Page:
The insignificant, frivolous pressures we find ourselves experiencing in life are producing for us an eternal and glorious result. The verb translated "producing" (κατεργάζεται) is in the present tense indicating that the action is ongoing action taking place in our lives right now. The verb means to achieve or accomplish something (BAGD, p.421). The pressures we face now are - right now - achieving something of inestimable value for us.

The value being accomplished is eternally weighty in glory. The expression "weight of glory" (βάρος δόξης) is likely a play on words from the Hebrew Scriptures. The Hebrew word for "glory" can mean either to be heavy or to be honored. Job uses the word to refer to his grief being heavier than the sands of the sea (Job 6:3), but he also says that his sons might achieve honor or glory that he does not know about (Job 14:21). The same word is used for both heavy and glory (Nicoll, Expositor's, 3:64). Since value was often determined by weight, there was a natural correspondence between weighty and glorious. Even in English, we speak of something as weighty in importance.

Our burdens are not light by themselves. Our burdens are light by comparison. The Greek text places "far beyond all comparison" (καθ᾿ ὑπερβολὴν εἰς ὑπερβολὴν)  between the two corresponding descriptions to emphasize the significance of the comparison. Paul has already used this same expression earlier in his letter to the Corinthians to stress that he was "burdened excessively" (καθ᾿ ὑπερβολὴν) beyond his strength so that he despaired of life (2 Cor. 1:8)! Burdens can certainly be excessive. We can feel overwhelmed by the pressures to the point that we become discouraged. Paul does not deny that reality. Paul says that by comparison, the burdens are light because they are producing in us something much greater. Here Paul uses a double expression of excessiveness which is difficult to translate literally. Literally, our pressures are transformative to the degree that they are beyond measure to and extraordinary extent. The glory produced is "out of all proportion" to the pressure experienced! R&R, Key, p.465).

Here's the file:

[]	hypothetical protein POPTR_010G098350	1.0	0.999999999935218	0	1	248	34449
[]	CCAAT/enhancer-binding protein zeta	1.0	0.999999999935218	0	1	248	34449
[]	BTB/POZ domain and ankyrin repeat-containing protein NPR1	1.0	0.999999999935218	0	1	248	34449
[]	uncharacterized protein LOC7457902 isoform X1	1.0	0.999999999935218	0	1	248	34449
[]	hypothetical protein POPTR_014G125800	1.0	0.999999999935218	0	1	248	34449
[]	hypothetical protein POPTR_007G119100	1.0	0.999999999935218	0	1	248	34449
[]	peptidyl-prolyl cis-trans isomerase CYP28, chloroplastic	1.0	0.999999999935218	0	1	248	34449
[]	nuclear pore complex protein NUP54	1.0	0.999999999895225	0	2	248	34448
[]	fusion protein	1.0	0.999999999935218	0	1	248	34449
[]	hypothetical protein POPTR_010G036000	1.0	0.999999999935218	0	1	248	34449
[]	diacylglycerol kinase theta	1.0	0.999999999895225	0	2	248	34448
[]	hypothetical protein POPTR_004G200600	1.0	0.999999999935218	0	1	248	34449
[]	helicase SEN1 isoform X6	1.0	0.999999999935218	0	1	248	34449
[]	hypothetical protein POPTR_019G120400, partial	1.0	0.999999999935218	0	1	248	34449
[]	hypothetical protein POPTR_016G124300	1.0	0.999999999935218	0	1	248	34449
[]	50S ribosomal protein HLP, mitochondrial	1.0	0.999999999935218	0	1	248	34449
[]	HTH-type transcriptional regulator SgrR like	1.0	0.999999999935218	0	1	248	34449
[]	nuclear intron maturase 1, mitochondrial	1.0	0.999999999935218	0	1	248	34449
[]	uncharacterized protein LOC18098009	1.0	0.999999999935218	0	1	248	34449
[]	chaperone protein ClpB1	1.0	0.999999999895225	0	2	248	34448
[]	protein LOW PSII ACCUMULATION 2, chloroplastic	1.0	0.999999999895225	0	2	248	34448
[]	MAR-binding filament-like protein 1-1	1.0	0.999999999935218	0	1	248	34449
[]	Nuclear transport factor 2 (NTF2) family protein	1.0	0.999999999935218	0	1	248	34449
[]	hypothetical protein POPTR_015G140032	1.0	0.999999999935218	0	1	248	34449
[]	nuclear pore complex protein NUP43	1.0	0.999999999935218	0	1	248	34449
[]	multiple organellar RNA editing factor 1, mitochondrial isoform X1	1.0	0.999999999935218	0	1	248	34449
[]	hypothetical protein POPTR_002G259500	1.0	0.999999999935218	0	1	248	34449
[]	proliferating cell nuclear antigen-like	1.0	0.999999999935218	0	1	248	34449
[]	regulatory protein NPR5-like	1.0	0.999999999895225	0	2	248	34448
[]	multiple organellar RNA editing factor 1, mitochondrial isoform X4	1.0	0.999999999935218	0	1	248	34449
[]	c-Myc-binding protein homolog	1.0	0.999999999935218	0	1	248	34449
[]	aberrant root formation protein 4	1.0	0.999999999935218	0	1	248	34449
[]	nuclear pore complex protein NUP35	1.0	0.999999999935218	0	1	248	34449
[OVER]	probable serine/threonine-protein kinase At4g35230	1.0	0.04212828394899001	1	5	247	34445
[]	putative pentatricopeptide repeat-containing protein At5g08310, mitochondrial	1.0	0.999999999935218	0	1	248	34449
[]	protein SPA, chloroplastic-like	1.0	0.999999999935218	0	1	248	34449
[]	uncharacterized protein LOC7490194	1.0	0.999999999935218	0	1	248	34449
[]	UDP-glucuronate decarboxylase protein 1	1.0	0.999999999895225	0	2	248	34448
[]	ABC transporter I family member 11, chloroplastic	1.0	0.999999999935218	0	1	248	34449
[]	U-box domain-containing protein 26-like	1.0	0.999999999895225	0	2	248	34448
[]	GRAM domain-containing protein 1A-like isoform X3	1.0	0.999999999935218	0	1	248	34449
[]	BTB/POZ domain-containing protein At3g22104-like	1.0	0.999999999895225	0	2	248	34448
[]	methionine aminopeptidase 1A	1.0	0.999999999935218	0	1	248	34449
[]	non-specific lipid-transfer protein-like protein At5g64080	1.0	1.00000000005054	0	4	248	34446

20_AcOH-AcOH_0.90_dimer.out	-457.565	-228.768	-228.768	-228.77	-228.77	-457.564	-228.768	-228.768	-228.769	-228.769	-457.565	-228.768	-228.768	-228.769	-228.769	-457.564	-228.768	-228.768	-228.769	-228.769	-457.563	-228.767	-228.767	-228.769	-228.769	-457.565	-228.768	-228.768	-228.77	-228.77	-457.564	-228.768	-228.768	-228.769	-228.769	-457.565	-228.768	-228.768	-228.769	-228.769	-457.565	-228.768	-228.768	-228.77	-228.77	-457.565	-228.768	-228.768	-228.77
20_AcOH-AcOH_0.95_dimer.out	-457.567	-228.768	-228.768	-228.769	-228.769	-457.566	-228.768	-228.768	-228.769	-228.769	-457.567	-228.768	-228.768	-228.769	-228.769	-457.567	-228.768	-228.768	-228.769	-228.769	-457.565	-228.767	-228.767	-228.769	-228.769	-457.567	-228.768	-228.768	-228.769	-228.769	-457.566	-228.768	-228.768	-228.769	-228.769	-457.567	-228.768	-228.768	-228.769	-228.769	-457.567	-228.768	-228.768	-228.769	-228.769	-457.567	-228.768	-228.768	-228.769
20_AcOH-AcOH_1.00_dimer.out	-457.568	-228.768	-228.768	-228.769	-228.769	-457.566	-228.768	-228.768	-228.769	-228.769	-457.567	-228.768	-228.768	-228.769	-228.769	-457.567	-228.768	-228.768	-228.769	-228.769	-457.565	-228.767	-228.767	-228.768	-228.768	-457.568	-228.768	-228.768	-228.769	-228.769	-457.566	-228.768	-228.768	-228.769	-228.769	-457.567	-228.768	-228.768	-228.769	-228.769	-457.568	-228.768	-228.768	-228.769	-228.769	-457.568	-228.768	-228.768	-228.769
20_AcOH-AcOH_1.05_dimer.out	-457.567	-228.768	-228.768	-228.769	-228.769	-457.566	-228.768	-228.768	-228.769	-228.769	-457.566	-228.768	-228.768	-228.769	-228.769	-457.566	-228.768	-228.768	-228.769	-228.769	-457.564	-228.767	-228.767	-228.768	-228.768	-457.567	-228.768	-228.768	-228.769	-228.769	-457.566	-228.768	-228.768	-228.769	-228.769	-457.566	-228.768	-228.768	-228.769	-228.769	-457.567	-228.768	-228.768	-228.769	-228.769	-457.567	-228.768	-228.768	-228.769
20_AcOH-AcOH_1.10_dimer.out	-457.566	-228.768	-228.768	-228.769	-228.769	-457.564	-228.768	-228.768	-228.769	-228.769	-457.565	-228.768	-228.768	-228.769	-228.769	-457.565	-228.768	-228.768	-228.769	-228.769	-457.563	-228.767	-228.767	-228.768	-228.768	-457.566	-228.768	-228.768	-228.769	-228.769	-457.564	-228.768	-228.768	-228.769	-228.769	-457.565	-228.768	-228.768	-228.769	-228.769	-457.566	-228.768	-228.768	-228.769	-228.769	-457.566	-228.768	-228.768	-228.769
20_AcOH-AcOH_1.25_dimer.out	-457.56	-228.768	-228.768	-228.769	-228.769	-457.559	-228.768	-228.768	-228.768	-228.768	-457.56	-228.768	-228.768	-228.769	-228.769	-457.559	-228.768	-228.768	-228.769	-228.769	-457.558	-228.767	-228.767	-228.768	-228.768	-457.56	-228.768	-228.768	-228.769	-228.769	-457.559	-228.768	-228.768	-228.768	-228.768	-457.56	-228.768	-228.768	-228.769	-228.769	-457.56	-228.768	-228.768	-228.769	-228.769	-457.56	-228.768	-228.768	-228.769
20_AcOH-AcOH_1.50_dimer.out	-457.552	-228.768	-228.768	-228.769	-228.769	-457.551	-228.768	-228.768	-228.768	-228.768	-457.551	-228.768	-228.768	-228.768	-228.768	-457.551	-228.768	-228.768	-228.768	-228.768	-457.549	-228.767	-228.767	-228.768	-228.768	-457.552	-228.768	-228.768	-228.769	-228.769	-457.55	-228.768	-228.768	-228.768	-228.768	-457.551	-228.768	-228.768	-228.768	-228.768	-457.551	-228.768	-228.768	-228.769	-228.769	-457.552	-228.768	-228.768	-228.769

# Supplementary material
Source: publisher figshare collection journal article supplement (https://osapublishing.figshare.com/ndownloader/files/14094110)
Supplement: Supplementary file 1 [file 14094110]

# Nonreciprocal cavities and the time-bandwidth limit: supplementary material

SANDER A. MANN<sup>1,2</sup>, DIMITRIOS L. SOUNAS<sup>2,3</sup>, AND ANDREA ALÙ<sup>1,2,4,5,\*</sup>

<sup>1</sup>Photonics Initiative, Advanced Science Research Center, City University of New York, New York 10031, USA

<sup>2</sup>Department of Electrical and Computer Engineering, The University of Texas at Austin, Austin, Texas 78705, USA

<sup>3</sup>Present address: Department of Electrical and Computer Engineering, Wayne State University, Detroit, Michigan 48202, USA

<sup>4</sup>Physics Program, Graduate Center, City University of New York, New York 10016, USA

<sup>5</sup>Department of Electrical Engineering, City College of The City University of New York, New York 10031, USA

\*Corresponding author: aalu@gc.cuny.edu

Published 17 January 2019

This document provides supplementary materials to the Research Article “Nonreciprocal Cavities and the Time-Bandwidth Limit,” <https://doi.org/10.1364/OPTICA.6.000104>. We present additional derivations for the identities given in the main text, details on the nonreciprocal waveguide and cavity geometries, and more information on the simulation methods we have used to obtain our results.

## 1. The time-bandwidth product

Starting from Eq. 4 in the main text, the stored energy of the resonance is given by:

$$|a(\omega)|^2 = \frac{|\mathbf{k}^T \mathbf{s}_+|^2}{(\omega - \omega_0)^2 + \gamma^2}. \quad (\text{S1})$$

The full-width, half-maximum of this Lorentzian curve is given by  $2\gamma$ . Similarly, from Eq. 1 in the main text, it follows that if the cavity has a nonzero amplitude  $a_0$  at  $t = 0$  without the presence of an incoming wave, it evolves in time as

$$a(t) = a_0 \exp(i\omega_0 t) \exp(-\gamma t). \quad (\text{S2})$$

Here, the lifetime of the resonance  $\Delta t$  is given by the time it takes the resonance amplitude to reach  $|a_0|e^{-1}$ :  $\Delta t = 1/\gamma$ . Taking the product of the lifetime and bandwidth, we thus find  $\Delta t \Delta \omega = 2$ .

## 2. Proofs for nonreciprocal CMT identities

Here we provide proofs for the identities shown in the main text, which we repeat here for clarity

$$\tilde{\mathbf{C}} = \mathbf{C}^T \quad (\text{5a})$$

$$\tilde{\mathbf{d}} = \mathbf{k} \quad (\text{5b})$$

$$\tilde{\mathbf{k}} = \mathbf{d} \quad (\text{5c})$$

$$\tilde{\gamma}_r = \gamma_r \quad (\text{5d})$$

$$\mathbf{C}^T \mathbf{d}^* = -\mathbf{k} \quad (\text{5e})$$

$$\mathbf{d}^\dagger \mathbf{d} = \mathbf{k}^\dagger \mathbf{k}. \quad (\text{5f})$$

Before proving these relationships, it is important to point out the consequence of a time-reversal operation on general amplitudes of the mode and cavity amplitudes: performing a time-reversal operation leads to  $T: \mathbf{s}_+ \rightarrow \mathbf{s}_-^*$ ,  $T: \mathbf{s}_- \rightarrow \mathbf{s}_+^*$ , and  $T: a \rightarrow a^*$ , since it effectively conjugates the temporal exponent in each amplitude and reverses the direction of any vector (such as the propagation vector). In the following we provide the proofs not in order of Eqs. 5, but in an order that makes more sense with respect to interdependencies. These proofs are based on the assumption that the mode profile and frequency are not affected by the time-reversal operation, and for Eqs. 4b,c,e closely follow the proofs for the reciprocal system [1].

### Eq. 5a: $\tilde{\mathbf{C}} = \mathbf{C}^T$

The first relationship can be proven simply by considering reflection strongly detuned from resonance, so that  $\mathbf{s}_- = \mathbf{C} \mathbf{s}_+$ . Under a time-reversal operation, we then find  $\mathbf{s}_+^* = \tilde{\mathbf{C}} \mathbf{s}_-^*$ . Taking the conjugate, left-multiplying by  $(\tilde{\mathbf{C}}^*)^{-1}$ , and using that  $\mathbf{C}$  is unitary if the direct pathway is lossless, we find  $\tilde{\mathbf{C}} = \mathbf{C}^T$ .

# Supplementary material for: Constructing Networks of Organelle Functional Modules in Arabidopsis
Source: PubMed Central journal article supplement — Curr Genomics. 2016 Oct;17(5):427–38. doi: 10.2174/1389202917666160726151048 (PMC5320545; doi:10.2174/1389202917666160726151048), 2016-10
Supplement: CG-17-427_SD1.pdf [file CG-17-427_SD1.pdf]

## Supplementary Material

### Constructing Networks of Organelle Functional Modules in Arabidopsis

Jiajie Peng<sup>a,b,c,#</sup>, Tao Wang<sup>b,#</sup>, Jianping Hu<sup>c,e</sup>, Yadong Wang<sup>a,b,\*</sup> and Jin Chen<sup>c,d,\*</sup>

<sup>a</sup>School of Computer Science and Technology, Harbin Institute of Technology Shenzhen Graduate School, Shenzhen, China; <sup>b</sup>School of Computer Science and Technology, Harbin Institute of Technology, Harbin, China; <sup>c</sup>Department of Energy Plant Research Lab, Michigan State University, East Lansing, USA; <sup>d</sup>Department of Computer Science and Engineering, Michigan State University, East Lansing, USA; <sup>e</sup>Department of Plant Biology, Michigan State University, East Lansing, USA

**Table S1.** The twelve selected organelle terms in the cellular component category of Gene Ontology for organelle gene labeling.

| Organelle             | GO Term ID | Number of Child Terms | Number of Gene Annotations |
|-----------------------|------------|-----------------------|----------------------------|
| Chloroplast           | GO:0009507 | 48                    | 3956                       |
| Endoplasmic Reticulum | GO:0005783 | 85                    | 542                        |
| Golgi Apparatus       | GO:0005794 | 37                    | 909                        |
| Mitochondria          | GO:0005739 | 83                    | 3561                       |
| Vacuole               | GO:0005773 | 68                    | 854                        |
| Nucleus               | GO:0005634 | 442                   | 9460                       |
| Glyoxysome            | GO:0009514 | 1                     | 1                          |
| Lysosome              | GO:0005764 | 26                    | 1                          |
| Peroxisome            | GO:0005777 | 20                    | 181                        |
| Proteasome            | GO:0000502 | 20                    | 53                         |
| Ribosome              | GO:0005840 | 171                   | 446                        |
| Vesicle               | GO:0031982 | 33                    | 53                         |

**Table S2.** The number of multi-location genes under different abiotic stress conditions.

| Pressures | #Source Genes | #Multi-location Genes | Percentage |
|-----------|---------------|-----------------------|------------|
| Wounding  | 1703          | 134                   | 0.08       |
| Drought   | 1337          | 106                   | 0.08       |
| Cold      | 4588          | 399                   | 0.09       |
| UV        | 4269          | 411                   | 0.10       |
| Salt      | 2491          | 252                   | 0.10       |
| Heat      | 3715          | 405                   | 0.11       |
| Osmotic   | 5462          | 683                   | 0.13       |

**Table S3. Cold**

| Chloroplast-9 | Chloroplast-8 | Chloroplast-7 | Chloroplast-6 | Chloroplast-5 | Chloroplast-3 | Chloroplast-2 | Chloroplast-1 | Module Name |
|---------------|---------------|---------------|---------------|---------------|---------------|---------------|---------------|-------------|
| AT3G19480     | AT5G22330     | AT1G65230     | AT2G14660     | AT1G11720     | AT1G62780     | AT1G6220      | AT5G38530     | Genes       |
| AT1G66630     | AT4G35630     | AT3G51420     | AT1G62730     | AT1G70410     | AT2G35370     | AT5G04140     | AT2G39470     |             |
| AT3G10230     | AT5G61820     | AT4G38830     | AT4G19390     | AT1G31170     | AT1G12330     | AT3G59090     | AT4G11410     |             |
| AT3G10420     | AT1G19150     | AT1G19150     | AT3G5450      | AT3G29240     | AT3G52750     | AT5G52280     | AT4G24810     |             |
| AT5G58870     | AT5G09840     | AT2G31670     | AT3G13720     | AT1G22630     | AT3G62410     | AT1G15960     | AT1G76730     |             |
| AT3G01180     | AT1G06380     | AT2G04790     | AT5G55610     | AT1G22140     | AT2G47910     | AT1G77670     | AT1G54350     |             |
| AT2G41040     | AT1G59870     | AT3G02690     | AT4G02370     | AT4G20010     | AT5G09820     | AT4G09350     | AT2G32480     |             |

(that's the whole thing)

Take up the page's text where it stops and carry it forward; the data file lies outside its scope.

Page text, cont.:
As extreme pressure and high heat produce expensive diamonds, the same elements are producing great glory for us. Buried under mountains of affliction, God is creating over time His glorious masterpieces forever.

Friday, May 19, 2017